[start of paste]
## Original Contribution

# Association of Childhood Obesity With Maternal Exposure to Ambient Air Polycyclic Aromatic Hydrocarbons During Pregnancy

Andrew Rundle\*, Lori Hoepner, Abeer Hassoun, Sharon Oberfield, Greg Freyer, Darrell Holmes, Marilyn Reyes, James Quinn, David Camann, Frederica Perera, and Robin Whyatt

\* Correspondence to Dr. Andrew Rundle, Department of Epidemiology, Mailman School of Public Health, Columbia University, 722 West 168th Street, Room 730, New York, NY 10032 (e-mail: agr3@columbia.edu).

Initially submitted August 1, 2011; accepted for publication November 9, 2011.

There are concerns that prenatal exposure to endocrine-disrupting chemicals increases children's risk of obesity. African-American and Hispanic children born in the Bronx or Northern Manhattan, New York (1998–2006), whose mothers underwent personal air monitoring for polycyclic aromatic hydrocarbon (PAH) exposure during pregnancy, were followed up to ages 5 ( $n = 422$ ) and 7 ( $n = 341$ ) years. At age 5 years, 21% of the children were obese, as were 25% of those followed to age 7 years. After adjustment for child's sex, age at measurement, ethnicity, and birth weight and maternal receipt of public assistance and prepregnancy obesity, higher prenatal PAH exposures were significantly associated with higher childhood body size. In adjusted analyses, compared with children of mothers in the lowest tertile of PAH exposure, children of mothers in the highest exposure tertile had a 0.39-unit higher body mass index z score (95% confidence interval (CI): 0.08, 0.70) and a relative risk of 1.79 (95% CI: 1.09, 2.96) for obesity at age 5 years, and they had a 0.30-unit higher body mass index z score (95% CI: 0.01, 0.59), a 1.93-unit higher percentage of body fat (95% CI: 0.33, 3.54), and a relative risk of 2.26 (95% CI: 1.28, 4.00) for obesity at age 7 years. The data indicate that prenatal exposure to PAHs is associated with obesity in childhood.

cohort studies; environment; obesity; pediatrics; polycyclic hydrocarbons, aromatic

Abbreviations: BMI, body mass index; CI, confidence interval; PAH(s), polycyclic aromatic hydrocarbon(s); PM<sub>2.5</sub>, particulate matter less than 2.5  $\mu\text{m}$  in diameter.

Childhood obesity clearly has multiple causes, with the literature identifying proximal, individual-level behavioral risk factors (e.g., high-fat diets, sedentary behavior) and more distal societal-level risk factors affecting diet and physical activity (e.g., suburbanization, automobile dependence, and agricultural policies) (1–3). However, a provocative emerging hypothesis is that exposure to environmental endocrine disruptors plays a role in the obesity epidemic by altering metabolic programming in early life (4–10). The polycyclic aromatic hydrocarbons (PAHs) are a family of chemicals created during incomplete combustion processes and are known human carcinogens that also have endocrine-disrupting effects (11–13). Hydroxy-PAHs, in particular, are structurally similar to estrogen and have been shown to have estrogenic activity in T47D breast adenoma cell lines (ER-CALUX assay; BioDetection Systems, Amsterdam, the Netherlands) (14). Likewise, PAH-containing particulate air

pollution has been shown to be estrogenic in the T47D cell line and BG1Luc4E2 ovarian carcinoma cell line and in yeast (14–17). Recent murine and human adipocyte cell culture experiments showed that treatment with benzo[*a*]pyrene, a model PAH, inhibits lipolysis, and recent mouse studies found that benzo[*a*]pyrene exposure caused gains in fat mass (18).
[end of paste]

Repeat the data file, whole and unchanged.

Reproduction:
## Original Contribution

# Association of Childhood Obesity With Maternal Exposure to Ambient Air Polycyclic Aromatic Hydrocarbons During Pregnancy

Andrew Rundle\*, Lori Hoepner, Abeer Hassoun, Sharon Oberfield, Greg Freyer, Darrell Holmes, Marilyn Reyes, James Quinn, David Camann, Frederica Perera, and Robin Whyatt

\* Correspondence to Dr. Andrew Rundle, Department of Epidemiology, Mailman School of Public Health, Columbia University, 722 West 168th Street, Room 730, New York, NY 10032 (e-mail: agr3@columbia.edu).

Initially submitted August 1, 2011; accepted for publication November 9, 2011.

There are concerns that prenatal exposure to endocrine-disrupting chemicals increases children's risk of obesity. African-American and Hispanic children born in the Bronx or Northern Manhattan, New York (1998–2006), whose mothers underwent personal air monitoring for polycyclic aromatic hydrocarbon (PAH) exposure during pregnancy, were followed up to ages 5 ( $n = 422$ ) and 7 ( $n = 341$ ) years. At age 5 years, 21% of the children were obese, as were 25% of those followed to age 7 years. After adjustment for child's sex, age at measurement, ethnicity, and birth weight and maternal receipt of public assistance and prepregnancy obesity, higher prenatal PAH exposures were significantly associated with higher childhood body size. In adjusted analyses, compared with children of mothers in the lowest tertile of PAH exposure, children of mothers in the highest exposure tertile had a 0.39-unit higher body mass index z score (95% confidence interval (CI): 0.08, 0.70) and a relative risk of 1.79 (95% CI: 1.09, 2.96) for obesity at age 5 years, and they had a 0.30-unit higher body mass index z score (95% CI: 0.01, 0.59), a 1.93-unit higher percentage of body fat (95% CI: 0.33, 3.54), and a relative risk of 2.26 (95% CI: 1.28, 4.00) for obesity at age 7 years. The data indicate that prenatal exposure to PAHs is associated with obesity in childhood.

cohort studies; environment; obesity; pediatrics; polycyclic hydrocarbons, aromatic

Abbreviations: BMI, body mass index; CI, confidence interval; PAH(s), polycyclic aromatic hydrocarbon(s); PM<sub>2.5</sub>, particulate matter less than 2.5  $\mu\text{m}$  in diameter.

Childhood obesity clearly has multiple causes, with the literature identifying proximal, individual-level behavioral risk factors (e.g., high-fat diets, sedentary behavior) and more distal societal-level risk factors affecting diet and physical activity (e.g., suburbanization, automobile dependence, and agricultural policies) (1–3). However, a provocative emerging hypothesis is that exposure to environmental endocrine disruptors plays a role in the obesity epidemic by altering metabolic programming in early life (4–10). The polycyclic aromatic hydrocarbons (PAHs) are a family of chemicals created during incomplete combustion processes and are known human carcinogens that also have endocrine-disrupting effects (11–13). Hydroxy-PAHs, in particular, are structurally similar to estrogen and have been shown to have estrogenic activity in T47D breast adenoma cell lines (ER-CALUX assay; BioDetection Systems, Amsterdam, the Netherlands) (14). Likewise, PAH-containing particulate air

pollution has been shown to be estrogenic in the T47D cell line and BG1Luc4E2 ovarian carcinoma cell line and in yeast (14–17). Recent murine and human adipocyte cell culture experiments showed that treatment with benzo[*a*]pyrene, a model PAH, inhibits lipolysis, and recent mouse studies found that benzo[*a*]pyrene exposure caused gains in fat mass (18).